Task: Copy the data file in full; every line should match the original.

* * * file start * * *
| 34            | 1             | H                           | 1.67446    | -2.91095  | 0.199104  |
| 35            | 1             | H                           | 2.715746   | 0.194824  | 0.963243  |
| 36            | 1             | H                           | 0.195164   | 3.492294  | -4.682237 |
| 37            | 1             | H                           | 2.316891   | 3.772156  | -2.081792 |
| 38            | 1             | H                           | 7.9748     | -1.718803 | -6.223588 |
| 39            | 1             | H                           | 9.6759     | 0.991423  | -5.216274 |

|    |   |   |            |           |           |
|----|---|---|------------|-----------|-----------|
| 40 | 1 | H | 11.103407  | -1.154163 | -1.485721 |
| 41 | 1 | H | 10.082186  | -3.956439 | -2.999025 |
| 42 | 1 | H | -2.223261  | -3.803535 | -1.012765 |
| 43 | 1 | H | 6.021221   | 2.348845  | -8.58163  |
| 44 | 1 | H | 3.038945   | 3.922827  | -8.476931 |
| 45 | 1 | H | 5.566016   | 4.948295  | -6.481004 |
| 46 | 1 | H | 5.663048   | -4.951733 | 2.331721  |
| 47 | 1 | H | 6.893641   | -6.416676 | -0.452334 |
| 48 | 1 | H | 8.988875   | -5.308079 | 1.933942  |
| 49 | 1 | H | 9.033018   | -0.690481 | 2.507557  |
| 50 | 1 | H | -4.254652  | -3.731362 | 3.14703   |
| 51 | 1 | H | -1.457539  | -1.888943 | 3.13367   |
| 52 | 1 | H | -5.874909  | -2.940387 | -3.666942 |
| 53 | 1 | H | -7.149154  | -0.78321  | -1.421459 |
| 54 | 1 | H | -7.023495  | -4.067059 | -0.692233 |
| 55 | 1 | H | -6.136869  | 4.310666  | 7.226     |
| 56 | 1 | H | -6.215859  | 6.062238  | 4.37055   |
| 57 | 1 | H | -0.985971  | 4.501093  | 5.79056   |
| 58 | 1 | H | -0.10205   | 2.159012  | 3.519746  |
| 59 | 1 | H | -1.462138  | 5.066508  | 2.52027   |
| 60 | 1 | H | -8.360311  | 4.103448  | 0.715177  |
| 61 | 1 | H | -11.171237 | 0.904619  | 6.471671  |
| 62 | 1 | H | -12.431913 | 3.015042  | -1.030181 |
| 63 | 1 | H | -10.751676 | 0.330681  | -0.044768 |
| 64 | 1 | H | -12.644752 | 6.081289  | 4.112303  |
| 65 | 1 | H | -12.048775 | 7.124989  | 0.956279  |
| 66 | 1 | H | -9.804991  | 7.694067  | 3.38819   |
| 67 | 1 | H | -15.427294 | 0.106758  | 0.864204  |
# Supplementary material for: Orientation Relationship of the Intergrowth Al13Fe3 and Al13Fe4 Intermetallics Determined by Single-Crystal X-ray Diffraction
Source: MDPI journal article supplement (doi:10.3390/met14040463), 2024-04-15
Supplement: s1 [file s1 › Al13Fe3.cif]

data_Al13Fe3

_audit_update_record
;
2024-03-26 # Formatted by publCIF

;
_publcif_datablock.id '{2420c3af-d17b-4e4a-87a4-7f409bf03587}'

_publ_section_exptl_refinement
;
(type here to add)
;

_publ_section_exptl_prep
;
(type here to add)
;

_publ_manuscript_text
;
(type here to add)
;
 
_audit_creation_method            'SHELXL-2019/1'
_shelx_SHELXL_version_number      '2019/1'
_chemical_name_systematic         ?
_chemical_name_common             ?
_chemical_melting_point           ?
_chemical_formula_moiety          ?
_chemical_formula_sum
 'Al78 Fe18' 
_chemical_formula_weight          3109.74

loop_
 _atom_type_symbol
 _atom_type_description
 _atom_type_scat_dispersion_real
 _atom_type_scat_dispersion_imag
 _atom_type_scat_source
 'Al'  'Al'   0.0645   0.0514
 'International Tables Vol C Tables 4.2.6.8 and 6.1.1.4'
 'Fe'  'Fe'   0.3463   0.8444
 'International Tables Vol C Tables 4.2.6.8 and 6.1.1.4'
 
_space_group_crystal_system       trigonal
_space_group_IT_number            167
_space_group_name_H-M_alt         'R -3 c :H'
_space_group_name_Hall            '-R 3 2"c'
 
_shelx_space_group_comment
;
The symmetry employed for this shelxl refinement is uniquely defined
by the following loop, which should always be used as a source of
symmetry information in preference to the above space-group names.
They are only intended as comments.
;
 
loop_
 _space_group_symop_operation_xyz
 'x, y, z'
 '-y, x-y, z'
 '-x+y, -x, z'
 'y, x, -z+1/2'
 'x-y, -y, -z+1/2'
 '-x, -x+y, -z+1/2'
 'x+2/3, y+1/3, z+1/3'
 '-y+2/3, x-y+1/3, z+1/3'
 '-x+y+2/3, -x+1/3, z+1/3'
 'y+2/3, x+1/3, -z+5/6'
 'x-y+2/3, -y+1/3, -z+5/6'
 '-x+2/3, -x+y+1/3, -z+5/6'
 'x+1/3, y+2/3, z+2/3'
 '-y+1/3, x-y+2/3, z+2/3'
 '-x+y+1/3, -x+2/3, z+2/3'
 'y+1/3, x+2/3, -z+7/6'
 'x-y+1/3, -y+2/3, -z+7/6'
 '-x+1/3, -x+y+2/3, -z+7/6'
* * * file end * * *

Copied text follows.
| 34            | 1             | H                           | 1.67446    | -2.91095  | 0.199104  |
| 35            | 1             | H                           | 2.715746   | 0.194824  | 0.963243  |
| 36            | 1             | H                           | 0.195164   | 3.492294  | -4.682237 |
| 37            | 1             | H                           | 2.316891   | 3.772156  | -2.081792 |
| 38            | 1             | H                           | 7.9748     | -1.718803 | -6.223588 |
| 39            | 1             | H                           | 9.6759     | 0.991423  | -5.216274 |

|    |   |   |            |           |           |
|----|---|---|------------|-----------|-----------|
| 40 | 1 | H | 11.103407  | -1.154163 | -1.485721 |
| 41 | 1 | H | 10.082186  | -3.956439 | -2.999025 |
| 42 | 1 | H | -2.223261  | -3.803535 | -1.012765 |
| 43 | 1 | H | 6.021221   | 2.348845  | -8.58163  |
| 44 | 1 | H | 3.038945   | 3.922827  | -8.476931 |
| 45 | 1 | H | 5.566016   | 4.948295  | -6.481004 |
| 46 | 1 | H | 5.663048   | -4.951733 | 2.331721  |
| 47 | 1 | H | 6.893641   | -6.416676 | -0.452334 |
| 48 | 1 | H | 8.988875   | -5.308079 | 1.933942  |
| 49 | 1 | H | 9.033018   | -0.690481 | 2.507557  |
| 50 | 1 | H | -4.254652  | -3.731362 | 3.14703   |
| 51 | 1 | H | -1.457539  | -1.888943 | 3.13367   |
| 52 | 1 | H | -5.874909  | -2.940387 | -3.666942 |
| 53 | 1 | H | -7.149154  | -0.78321  | -1.421459 |
| 54 | 1 | H | -7.023495  | -4.067059 | -0.692233 |
| 55 | 1 | H | -6.136869  | 4.310666  | 7.226     |
| 56 | 1 | H | -6.215859  | 6.062238  | 4.37055   |
| 57 | 1 | H | -0.985971  | 4.501093  | 5.79056   |
| 58 | 1 | H | -0.10205   | 2.159012  | 3.519746  |
| 59 | 1 | H | -1.462138  | 5.066508  | 2.52027   |
| 60 | 1 | H | -8.360311  | 4.103448  | 0.715177  |
| 61 | 1 | H | -11.171237 | 0.904619  | 6.471671  |
| 62 | 1 | H | -12.431913 | 3.015042  | -1.030181 |
| 63 | 1 | H | -10.751676 | 0.330681  | -0.044768 |
| 64 | 1 | H | -12.644752 | 6.081289  | 4.112303  |
| 65 | 1 | H | -12.048775 | 7.124989  | 0.956279  |
| 66 | 1 | H | -9.804991  | 7.694067  | 3.38819   |
| 67 | 1 | H | -15.427294 | 0.106758  | 0.864204  |
# Supplementary material for: Orientation Relationship of the Intergrowth Al13Fe3 and Al13Fe4 Intermetallics Determined by Single-Crystal X-ray Diffraction
Source: MDPI journal article supplement (doi:10.3390/met14040463), 2024-04-15
Supplement: s1 [file s1 › Al13Fe3.cif]

data_Al13Fe3

_audit_update_record
;
2024-03-26 # Formatted by publCIF

;
_publcif_datablock.id '{2420c3af-d17b-4e4a-87a4-7f409bf03587}'

_publ_section_exptl_refinement
;
(type here to add)
;

_publ_section_exptl_prep
;
(type here to add)
;

_publ_manuscript_text
;
(type here to add)
;
 
_audit_creation_method            'SHELXL-2019/1'
_shelx_SHELXL_version_number      '2019/1'
_chemical_name_systematic         ?
_chemical_name_common             ?
_chemical_melting_point           ?
_chemical_formula_moiety          ?
_chemical_formula_sum
 'Al78 Fe18' 
_chemical_formula_weight          3109.74

loop_
 _atom_type_symbol
 _atom_type_description
 _atom_type_scat_dispersion_real
 _atom_type_scat_dispersion_imag
 _atom_type_scat_source
 'Al'  'Al'   0.0645   0.0514
 'International Tables Vol C Tables 4.2.6.8 and 6.1.1.4'
 'Fe'  'Fe'   0.3463   0.8444
 'International Tables Vol C Tables 4.2.6.8 and 6.1.1.4'
 
_space_group_crystal_system       trigonal
_space_group_IT_number            167
_space_group_name_H-M_alt         'R -3 c :H'
_space_group_name_Hall            '-R 3 2"c'
 
_shelx_space_group_comment
;
The symmetry employed for this shelxl refinement is uniquely defined
by the following loop, which should always be used as a source of
symmetry information in preference to the above space-group names.
They are only intended as comments.
;
 
loop_
 _space_group_symop_operation_xyz
 'x, y, z'
 '-y, x-y, z'
 '-x+y, -x, z'
 'y, x, -z+1/2'
 'x-y, -y, -z+1/2'
 '-x, -x+y, -z+1/2'
 'x+2/3, y+1/3, z+1/3'
 '-y+2/3, x-y+1/3, z+1/3'
 '-x+y+2/3, -x+1/3, z+1/3'
 'y+2/3, x+1/3, -z+5/6'
 'x-y+2/3, -y+1/3, -z+5/6'
 '-x+2/3, -x+y+1/3, -z+5/6'
 'x+1/3, y+2/3, z+2/3'
 '-y+1/3, x-y+2/3, z+2/3'
 '-x+y+1/3, -x+2/3, z+2/3'
 'y+1/3, x+2/3, -z+7/6'
 'x-y+1/3, -y+2/3, -z+7/6'
 '-x+1/3, -x+y+2/3, -z+7/6'